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Culture Secretary Jeremy Wright says levy on tech giants 'worth considering' and could fund new internet regulator

Culture Secretary Jeremy Wright has said a levy on tech giants like Facebook and Google could be used to fund a new internet regulator or pay to educate the public to be “more sceptical about what they read”.

In his first appearance before the Digital, Culture, Media and Sport Committee since taking office in July, Wright said a levy on the likes of Facebook and Google was “something worth considering”

He said: “I personally have not had that conversation with Facebook yet, but… if Facebook says it doesn’t want to pay it that will not be the answer to whether or not we should have one.”

Wright told MPs today it was “undoubtedly true” that Russia had made efforts to interfere with the electoral process in the UK through disinformation campaigns, but said the Government had not seen any evidence this had been successful.

Wright said he advocated better education for the public to know how to recognise such disinformation online.

He said: “There’s no doubt in my mind that attempts [at an information war] have been made and actually it seems to me that what we require here is a national security level response…

“We also need the online companies to be responsible, we need them to be issuing whatever measures they can on the transparency of the messages they are carrying, but we also need frankly a public education response.”

Wright added that after Russia put out “30 or 40” false narratives related to the poisoning in Salisbury of former Russian spy Sergei Skripal, the public needs to “be more sceptical about what they read and see”.

“We can of course try to detect those [false narratives], to identify those, but we also need the public to be conscious of the risk that some of the things they are reading are not true and not just not true accidentally but not true deliberately…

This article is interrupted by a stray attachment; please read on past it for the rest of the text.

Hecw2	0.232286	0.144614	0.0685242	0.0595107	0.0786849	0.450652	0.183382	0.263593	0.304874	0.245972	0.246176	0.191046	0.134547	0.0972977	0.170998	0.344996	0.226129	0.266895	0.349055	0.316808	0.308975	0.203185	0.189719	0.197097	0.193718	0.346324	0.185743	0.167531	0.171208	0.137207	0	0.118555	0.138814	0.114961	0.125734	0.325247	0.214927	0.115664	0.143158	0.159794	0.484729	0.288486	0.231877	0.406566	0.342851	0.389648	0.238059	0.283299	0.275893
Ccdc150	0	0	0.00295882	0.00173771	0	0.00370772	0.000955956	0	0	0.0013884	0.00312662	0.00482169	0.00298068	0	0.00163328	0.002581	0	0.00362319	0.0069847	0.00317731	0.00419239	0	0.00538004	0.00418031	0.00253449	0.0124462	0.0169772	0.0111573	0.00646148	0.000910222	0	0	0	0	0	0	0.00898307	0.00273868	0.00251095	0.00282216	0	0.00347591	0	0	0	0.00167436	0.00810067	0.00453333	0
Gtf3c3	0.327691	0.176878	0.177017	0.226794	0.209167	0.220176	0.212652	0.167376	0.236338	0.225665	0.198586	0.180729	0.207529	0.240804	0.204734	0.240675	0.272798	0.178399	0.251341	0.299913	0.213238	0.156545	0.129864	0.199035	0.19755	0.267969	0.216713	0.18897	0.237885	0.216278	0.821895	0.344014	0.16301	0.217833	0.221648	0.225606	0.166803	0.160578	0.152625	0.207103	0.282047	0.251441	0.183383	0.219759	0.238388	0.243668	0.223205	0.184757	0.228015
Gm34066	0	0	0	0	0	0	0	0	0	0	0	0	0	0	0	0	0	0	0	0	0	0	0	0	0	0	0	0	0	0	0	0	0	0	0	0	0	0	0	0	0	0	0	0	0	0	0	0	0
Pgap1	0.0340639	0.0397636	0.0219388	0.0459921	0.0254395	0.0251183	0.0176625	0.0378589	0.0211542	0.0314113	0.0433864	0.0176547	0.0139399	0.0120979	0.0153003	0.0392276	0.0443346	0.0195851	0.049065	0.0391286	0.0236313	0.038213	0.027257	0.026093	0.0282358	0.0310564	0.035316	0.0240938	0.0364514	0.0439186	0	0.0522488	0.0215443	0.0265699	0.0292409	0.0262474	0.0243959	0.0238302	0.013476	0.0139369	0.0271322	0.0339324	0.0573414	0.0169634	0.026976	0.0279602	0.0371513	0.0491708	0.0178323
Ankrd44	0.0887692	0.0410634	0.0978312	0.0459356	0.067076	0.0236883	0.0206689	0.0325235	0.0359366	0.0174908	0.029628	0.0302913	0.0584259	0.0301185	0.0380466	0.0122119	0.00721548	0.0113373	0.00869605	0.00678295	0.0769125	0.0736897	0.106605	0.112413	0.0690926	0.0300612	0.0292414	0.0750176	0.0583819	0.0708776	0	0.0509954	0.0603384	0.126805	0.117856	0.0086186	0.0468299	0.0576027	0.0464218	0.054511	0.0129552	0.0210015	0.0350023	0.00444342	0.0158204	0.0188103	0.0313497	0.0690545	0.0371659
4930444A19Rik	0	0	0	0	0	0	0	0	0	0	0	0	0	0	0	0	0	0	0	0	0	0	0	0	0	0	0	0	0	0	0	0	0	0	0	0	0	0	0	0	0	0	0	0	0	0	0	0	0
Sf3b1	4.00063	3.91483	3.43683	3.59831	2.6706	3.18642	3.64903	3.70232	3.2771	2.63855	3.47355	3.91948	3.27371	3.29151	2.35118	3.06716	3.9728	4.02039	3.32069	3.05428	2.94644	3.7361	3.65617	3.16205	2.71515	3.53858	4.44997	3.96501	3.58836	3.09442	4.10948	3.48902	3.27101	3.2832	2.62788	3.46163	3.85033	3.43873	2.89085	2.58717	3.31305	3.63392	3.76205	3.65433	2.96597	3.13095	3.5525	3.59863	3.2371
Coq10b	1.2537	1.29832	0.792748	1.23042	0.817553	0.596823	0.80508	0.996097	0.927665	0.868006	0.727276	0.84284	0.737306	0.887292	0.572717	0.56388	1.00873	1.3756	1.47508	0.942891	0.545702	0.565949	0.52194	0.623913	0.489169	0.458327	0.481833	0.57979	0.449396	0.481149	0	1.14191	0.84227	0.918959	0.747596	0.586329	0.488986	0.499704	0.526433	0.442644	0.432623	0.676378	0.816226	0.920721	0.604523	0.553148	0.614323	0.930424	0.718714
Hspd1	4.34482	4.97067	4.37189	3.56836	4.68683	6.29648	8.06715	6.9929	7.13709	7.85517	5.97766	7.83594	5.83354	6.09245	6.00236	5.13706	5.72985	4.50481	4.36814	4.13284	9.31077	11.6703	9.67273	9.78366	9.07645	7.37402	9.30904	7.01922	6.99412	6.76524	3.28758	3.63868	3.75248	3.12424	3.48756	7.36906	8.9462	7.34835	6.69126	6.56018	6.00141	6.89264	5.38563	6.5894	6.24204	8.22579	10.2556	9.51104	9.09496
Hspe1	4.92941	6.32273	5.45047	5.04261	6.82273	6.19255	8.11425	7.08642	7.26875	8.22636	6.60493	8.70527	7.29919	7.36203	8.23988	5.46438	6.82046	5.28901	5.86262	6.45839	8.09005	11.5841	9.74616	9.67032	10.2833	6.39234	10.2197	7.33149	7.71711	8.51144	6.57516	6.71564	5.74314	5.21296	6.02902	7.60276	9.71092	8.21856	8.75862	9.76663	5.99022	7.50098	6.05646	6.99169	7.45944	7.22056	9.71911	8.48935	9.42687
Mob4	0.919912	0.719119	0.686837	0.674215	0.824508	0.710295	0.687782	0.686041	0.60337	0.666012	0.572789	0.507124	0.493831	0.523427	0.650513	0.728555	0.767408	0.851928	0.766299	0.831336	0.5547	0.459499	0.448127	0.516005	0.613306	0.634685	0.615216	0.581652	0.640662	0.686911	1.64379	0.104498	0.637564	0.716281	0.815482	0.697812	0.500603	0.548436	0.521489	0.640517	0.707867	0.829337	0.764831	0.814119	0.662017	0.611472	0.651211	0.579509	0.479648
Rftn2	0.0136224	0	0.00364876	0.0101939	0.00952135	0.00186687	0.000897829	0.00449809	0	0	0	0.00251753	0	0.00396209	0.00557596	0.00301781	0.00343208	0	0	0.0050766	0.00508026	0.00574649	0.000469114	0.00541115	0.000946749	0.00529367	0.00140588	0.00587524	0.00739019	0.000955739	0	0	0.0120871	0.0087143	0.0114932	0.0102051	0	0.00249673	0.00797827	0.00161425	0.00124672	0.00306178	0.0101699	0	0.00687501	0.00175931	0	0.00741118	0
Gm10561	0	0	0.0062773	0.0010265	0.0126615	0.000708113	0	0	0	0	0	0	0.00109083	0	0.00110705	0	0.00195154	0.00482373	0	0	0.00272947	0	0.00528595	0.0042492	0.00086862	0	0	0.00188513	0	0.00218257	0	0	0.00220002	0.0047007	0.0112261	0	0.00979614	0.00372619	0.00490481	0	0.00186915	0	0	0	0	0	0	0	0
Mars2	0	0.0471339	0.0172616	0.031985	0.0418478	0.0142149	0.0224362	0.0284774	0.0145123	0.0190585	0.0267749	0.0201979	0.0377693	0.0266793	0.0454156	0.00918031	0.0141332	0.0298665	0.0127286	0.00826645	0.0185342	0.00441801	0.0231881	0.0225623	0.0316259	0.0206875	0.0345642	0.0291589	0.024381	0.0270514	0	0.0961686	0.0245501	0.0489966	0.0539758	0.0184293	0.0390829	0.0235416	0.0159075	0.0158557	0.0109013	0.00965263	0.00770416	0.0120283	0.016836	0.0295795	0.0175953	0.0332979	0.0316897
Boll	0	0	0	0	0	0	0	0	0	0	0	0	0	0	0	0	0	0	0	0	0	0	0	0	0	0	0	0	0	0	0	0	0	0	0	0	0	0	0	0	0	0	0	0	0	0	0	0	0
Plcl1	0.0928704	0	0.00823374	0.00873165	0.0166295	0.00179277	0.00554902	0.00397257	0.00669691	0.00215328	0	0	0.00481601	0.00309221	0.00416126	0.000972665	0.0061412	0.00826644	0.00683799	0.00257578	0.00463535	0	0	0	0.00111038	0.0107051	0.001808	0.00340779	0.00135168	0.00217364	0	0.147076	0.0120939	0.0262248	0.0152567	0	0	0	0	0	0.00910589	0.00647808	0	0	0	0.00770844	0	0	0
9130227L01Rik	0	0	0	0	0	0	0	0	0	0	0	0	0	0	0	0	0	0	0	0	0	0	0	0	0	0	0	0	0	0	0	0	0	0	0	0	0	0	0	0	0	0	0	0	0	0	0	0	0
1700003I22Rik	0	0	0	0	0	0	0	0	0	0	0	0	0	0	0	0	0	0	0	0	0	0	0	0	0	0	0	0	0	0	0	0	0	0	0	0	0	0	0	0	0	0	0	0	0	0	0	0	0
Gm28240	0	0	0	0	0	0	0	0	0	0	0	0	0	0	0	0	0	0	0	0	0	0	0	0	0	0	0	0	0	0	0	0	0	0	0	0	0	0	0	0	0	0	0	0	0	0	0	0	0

“We need all the help we can give to those reading the material as to where it’s come from, who’s put it up – if you’re talking about electoral material [that’s] even more important of course…”

Wright suggested online companies should help identify where things have come from as well as how authoritative or well-researched a source is “where it’s feasible”.

“All of those things I think we can ask for more help on than we’re currently getting,” he said. “But my sense is that we’ve made some progress in the right direction with the online companies [but] not yet enough.”

Just last week Facebook moved to make political advertising more transparent, forcing buyers in the UK to verify their identity and location, amid concerns over so-called “dark ads”.

Added Wright: “We have to have some quite complex conversations with online companies about what they can do to help us combat this very real challenge.”

Wright also told the committee that a levy on the tech giants could be looked at to fund “a number of things”, including education for the public and an internet regulator “if we consider a regulator is necessary”.

He said: “If we are going to carry out additional activity, whether that’s because of additional regulation or because of additional education for example, then it’s got to be funded somehow.”

He said a levy on tech giants was therefore “something worth considering”.

Asked whether the onus should be on social media platforms to fund solutions to the problems, Wright said: “If we’re still talking about the threat to our democracy, to our national security, by a hostile foreign state then of course there’s a dimension of that where the cost needs to be borne by the taxpayer, because that’s part of the job of the state defending itself.

“If, on the other hand, we’re talking about online harms more broadly, then there is a role for us to think about – for social media companies and other online presences – …how this extra activity should be funded.”

He added that “most of the companies” being discussed have recognised that “the status quo isn’t sufficient”.

Discussing the possibility of establishing an internet regulator, Wright said: “Someone said to me the worst thing you can do in this space is to be the first country that takes on the holistic regulation of the internet if that’s what we decide to do. But I don’t accept that.

“It seems to me that there is considerable merit in the United Kingdom, given the combination of features that I think the UK has, that it takes the lead. I think if global leadership for the UK means anything, it means being prepared to take the first step on issues like this.”

A white paper currently being developed and due for publication before March would set out where the onus should be on online companies to minimise or eliminate harmful content, and what legislation is therefore necessary.

Primary legislation would be required to make substantial changes in the powers of an existing regulator such as Ofcom or establish a new regulator, Wright said.

Picture: Parliament TV

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